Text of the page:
I am still in favour of a ban (can't really see it happening in the near future though), and am becoming more and more concerned (as I get older and have more time on my hands to ponder these things) about our impact on our land, as well as our (general population) arrogance at putting our own species first, middle and last (I do it myself), but I suppose if we want to achieve anything for nature in our limited area of land, we have to be able to convince the people that it should be done.

I am asking here because you people all are so knowledgeable, and I am so not, and want to be, so I can get involved now I have a little time on my hands. (Thirty years too late to make a difference, I guess.) I don't think I've had an informed opinion on anything since The Style Council broke up, and then deciding which disposable nappies to put on my kids (!!!) (kids - another uninformed decision...) and they are all grown up now. Also, my short term memory is, well, I've forgotten what it is now, so I tend to forget what I've been told weeks/months ago - I'm writing it all down now!
Would love to hear your thoughts on this side of the issue - thank you so much.
Debbie

I would guess that the number of people who actually work on driven grouse moors is not as great as often gets mentioned.

It has also been highlighted that if as many people work on them as claimed and the money they claim to put into the rural economy is correct then people are being paid below the legal minimum wage.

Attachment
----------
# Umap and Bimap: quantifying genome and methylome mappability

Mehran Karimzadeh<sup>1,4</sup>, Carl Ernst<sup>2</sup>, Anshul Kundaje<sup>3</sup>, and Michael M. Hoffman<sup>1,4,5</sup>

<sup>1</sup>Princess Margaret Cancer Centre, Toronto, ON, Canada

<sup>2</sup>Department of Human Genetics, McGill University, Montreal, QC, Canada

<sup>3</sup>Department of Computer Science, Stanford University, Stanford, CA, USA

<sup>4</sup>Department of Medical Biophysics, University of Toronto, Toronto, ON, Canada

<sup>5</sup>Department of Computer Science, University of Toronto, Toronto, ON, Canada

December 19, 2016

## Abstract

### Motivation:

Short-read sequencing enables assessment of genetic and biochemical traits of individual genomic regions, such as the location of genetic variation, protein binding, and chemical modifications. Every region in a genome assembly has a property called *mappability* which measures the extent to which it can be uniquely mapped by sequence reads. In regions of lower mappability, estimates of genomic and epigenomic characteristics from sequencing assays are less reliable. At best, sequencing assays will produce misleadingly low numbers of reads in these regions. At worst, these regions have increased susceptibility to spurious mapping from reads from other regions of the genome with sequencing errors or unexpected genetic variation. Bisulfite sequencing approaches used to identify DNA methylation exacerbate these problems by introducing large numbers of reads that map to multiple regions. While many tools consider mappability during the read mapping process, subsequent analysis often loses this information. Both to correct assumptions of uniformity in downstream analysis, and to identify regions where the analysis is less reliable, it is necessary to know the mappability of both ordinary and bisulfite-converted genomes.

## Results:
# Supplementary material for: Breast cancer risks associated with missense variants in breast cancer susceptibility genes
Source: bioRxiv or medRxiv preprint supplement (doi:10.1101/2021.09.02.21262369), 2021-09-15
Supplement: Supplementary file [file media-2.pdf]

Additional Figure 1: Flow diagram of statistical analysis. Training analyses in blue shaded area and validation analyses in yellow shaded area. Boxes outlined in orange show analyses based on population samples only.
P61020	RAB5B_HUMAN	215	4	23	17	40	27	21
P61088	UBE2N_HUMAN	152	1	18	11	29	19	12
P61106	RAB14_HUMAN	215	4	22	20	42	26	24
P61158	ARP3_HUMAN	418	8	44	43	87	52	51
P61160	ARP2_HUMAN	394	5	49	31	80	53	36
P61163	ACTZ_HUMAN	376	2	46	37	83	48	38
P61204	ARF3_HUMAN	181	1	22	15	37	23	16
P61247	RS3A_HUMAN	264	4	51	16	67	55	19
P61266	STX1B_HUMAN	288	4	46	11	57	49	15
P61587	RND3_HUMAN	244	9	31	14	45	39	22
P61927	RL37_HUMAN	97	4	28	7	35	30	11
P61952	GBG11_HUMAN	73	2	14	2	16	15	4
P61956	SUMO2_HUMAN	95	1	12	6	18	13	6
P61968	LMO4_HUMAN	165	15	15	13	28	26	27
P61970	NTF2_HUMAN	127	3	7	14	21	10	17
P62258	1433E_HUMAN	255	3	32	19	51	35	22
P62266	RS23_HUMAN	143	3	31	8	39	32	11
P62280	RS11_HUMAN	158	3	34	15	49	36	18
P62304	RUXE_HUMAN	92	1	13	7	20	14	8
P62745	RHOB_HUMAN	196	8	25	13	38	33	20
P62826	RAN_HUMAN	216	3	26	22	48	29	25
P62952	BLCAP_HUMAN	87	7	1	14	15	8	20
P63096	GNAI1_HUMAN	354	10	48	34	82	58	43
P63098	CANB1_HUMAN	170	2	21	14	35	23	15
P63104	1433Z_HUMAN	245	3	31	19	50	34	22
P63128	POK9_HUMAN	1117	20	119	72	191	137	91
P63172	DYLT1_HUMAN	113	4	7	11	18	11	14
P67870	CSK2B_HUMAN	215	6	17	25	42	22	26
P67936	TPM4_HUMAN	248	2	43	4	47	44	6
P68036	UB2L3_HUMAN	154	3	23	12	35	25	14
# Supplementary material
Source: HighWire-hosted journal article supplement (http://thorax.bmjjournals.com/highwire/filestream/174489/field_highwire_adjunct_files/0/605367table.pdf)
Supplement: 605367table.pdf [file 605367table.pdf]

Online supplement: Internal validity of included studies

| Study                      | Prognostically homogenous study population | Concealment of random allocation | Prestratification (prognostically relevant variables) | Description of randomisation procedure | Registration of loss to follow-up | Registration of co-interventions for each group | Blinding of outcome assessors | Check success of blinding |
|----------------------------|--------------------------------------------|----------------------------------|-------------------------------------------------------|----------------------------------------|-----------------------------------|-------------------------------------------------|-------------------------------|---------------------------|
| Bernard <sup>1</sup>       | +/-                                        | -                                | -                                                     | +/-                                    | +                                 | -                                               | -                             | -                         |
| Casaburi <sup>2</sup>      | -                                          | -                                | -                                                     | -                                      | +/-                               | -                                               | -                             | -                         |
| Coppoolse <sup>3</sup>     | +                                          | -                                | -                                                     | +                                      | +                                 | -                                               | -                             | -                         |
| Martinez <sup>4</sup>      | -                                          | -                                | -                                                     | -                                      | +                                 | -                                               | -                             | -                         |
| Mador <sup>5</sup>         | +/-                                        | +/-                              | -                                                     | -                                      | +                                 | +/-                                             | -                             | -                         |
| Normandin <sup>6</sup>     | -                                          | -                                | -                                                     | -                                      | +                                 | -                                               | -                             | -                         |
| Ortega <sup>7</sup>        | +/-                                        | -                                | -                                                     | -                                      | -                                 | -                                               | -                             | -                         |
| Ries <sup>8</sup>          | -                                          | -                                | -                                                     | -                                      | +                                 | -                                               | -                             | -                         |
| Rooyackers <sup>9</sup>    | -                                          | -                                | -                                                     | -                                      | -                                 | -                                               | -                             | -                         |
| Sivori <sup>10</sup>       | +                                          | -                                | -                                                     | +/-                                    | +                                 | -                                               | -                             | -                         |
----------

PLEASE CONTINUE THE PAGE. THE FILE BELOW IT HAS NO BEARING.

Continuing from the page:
A shoot close to me claims to only have 8 days driven grouse shooting per year so again, the numbers working on grouse moors seems to be a bit of an exaggeration.

Even if they employ 20 beaters per shoot the numbers are low at 160 working days, that's about 7 months’ work for 1 person. It’s less than the working hours of a corner shop and we all subsidise this. It would be really interesting how much these jobs are costing in subsidies to these grouse moors. My guess is that a lot of the money goes into the rich landowners pockets.

The grouse moors are not run to employ people, they are run to make rich people richer and to make rich customers happy that they’ve managed to kill a lot of innocent birds and mammals for fun.

As for what will they do, certain places in Scotland make a lot of money from wildlife tourism. I don’t see why grouse moors which can become wildlife havens can’t do the same thing.
 

Boom

Well-known member
If you are really interested, Mark Averys book "Inglorious" is an extremely interesting read, covering a lot of these points and many more besides.

Cheers
 

Debbie1905

Well-known member
Thanks for your replies. Boom, I bought "Inglorious" last night and will start to read today. Mickr, thanks for your reply - I felt that the numbers I had seen didn't really add up, and I'm sure the landowners could find other means to make money. I also wonder what might happen to the moorland if the shooting was banned. I will get on with Mark Avery's book as I'm sure it will answer many of my questions.
 

Adam W

Well-known member
I would guess that the number of people who actually work on driven grouse moors is not as great as often gets mentioned.

It has also been highlighted that if as many people work on them as claimed and the money they claim to put into the rural economy is correct then people are being paid below the legal minimum wage.

A shoot close to me claims to only have 8 days driven grouse shooting per year so again, the numbers working on grouse moors seems to be a bit of an exaggeration.